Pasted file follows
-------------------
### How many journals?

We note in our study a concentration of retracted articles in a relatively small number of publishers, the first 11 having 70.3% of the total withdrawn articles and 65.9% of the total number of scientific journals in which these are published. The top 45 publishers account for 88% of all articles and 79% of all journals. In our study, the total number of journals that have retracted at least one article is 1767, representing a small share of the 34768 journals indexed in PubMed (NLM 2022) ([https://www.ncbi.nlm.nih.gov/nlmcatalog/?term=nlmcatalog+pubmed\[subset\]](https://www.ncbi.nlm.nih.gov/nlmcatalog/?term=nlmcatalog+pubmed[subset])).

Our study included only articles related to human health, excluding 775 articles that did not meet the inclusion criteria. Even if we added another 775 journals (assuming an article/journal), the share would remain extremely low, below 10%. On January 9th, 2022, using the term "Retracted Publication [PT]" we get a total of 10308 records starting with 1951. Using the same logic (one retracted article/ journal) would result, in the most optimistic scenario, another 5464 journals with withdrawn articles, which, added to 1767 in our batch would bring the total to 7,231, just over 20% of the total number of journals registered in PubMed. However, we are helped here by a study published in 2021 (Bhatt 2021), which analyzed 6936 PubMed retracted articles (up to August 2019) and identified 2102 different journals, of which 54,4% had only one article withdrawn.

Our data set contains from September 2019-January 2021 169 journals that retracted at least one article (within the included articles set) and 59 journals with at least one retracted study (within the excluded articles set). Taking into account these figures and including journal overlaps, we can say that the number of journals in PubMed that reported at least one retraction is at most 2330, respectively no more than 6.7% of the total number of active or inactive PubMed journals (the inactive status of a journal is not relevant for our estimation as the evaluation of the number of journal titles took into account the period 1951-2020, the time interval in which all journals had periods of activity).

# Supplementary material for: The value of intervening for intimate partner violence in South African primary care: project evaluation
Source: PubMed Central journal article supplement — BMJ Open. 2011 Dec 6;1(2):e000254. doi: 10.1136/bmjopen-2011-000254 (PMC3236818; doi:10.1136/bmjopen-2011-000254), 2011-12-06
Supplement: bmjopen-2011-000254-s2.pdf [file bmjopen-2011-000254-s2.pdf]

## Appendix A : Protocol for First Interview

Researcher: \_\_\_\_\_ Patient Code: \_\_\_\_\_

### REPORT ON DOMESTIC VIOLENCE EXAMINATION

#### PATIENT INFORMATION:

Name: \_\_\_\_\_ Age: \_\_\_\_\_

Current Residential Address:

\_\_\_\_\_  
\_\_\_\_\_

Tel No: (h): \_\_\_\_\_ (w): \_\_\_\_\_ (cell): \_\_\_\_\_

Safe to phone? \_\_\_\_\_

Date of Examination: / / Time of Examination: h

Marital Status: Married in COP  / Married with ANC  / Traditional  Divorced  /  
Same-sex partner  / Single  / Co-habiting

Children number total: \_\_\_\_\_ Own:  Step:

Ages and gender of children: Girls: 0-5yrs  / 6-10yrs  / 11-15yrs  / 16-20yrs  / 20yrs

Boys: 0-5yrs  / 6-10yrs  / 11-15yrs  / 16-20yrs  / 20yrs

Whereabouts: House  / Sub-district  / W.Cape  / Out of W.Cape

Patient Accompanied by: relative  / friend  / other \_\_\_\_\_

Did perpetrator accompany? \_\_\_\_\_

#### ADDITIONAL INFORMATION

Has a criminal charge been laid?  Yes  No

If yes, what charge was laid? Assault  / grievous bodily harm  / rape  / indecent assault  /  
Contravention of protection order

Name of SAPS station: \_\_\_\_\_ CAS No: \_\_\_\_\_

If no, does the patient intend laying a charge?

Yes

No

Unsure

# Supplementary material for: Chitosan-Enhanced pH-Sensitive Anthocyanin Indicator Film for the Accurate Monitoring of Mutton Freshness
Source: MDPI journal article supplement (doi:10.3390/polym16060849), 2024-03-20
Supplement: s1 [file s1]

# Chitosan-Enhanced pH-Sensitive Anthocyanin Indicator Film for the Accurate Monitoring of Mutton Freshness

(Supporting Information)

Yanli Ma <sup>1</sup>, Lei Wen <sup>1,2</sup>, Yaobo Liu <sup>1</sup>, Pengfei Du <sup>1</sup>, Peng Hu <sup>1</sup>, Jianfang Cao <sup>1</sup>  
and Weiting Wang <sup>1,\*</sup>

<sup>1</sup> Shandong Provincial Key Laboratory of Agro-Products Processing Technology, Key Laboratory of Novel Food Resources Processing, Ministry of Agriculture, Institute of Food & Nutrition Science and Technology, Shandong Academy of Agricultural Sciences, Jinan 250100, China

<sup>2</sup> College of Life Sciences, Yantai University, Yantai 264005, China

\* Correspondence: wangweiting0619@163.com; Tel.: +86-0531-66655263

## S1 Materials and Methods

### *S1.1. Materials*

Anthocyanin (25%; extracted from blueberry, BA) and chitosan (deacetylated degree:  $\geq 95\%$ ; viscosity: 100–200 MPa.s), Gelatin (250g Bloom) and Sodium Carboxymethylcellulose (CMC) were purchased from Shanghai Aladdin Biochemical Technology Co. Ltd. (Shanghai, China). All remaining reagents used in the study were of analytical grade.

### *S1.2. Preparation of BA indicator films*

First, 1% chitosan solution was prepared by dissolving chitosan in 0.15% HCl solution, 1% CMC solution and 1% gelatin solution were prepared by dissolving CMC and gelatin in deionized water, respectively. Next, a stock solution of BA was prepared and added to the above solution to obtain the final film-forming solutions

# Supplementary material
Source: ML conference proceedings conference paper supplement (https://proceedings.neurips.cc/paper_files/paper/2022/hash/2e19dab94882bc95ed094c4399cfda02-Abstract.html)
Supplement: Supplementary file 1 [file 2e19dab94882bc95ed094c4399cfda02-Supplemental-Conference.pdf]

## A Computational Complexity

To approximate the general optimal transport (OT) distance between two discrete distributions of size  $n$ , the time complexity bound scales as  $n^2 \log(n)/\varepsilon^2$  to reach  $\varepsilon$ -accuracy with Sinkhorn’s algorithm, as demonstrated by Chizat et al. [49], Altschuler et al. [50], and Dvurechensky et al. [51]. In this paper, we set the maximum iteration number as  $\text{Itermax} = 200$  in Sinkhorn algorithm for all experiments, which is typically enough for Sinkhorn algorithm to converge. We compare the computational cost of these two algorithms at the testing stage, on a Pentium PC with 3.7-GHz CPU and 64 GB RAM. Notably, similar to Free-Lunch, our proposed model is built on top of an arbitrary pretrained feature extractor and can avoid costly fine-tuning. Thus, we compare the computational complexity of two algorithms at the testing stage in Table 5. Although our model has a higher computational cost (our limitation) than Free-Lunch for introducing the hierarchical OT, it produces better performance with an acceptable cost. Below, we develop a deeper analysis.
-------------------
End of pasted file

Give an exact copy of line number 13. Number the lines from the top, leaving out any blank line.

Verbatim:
Current Residential Address: